Back before Covid-19 shut down the world, Oakland noise-rock quartet Nopes used to haul random books to their gigs. The books came in handy when they got to their song “Amber is the Color of Your Alert,” which opened with an off-kilter—and inordinately fast—punk-rock riff, followed by a sludgy, half-tempo meaty section that brought to mind the kind of alt-rock MTV played in the wee hours in the ’90s.
But the comparisons end there, as the song closed with a demented loungy section. It’s there that books came into play. Lead singer Alex Petralia would grab a book, randomly select a page and read a passage—a moment of unhinged insanity to complement their already-wild live show.
But at the end of 2019, when they went to Atomic Garden Recording Studio to track this song, they tried to figure out the right approach for capturing its vibe for the album. Then it struck them. Petralia hopped on the in-studio piano and played the worst solo he possibly could, which fit the dissonance of the lounge section perfectly.
“Amber” is one song of 13 off the group’s latest album, Djork, which was released on Jan. 29. The record is the group’s most cohesive output, a melding of Jesus Lizard, Hot Snakes and Fucked Up, but with their own distinct East Bay style, a joyous and cathartic release of all their frustrations in noise-punk form. This record, their third, balances two opposing elements: A sense of order that’s meticulously structured, with a sense of chaotic spontaneity—that thing which compels them to grab whatever seemingly mismatched instrument they might feel would enhance a song, be it an in-studio piano, a mouth harp or a trombone.
Some of this balance comes from the group’s development, but they also attribute some of the playfulness to Jack Shirley—owner and engineer of Atomic Garden—who created such a cozy, judgement-free environment, that all creative impulses were encouraged.
“The energy was high in the studio, and we just kind of nailed it,” says bassist Cole Gates. “I think a lot of the overdubs were pretty well planned. There are definitely parts that have elements of jazz, where we have a rough idea of what we do, but it’s still improvised.”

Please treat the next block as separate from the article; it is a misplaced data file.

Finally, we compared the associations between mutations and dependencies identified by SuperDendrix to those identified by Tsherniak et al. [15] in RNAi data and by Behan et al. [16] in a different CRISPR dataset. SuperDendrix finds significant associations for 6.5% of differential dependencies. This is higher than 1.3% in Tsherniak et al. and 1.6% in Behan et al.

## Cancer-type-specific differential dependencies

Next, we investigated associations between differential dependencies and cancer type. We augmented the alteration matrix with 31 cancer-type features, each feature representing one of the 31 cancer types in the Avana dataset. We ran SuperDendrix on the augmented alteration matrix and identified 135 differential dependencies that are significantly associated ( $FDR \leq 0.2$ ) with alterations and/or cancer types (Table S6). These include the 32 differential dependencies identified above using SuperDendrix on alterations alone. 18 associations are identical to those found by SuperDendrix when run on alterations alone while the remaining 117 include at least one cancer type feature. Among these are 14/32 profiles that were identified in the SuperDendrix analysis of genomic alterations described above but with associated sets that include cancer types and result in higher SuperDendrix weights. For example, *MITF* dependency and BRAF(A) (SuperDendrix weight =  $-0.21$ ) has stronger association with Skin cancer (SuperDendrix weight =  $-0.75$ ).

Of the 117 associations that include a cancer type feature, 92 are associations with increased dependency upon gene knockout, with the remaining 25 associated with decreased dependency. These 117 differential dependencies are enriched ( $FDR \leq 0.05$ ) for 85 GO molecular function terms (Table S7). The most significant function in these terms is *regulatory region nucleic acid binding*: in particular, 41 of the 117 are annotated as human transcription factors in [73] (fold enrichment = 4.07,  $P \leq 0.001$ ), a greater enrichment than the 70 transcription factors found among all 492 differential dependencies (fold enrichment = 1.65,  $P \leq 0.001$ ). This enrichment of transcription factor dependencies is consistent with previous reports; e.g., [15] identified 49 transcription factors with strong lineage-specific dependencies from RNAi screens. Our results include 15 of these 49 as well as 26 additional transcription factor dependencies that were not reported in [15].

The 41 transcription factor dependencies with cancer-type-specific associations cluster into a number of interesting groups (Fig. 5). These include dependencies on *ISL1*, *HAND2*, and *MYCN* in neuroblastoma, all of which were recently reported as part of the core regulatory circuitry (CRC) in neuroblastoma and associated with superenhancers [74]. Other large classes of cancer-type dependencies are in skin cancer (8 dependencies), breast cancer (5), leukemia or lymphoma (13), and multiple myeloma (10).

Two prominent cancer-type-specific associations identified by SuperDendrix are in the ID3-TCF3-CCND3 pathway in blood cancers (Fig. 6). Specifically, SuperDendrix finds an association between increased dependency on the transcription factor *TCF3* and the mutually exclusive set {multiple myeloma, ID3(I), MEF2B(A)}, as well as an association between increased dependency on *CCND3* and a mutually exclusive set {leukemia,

Both the trombone and the mouth harp are featured on the album’s final track, “Synonym for Defeat,” an 8-minute song the group describes as sounding like a “bad Sublime song,” even though it’s a deep, proto-metal-inspired, noise-rock track.
During the song, the band members repeat a simple, sludgy riff, and build off of it. During the outro, it gets gradually louder, in a way that is almost—but not quite— a joke.
“Just forcing the level of sound. We pushed it with Jack, trying to make it almost unlistenable at the end, where it just gets louder and louder,” Petralia says. “It’s a lot of fun and almost-comic relief. We pushed ourselves, as far as getting weird.”
Comic relief is needed for them right now, especially after sitting on the album for over a year and enduring everything that was 2020. Had a global pandemic not been in full swing, the group likely would have released the record last fall, with a tie-in tour. They love hitting the road and hitting some of their favorite Southwest spots like Dallas and Austin in the fall—cities that have amazing noise-rock scenes.
With all the uncertainty, it was difficult to find the right time to get the album out. So, they and their label decided now was the time.
“This is the first time I think I’ve ever done any kind of release in January,” Petralia says. “But I think all the rules are kind of thrown out now—a different dimension.”
This past year, some bands played socially distant shows, but not Nopes. To do that would have meant to completely alter their live experience. A good Nopes show happens inside a small basement with everyone packed in like sardines—a super-spreader event waiting to happen.
“We got pictures of us after playing, where we’re sweaty and snotty and gross but it feels good,” Petralia says. “I love that kind of energy and performance, like Bad Brains. Intense-ass shit.”
The band members are going to wait it out, for now, the group is happy to put this record out. And even if they can’t—yet—perform the songs for people, they at least feel comfortable knowing people all over can pop the album on and feel a momentary cathartic release of all their frustrations.
For more information, check out https://www.facebook.com/nopesband/.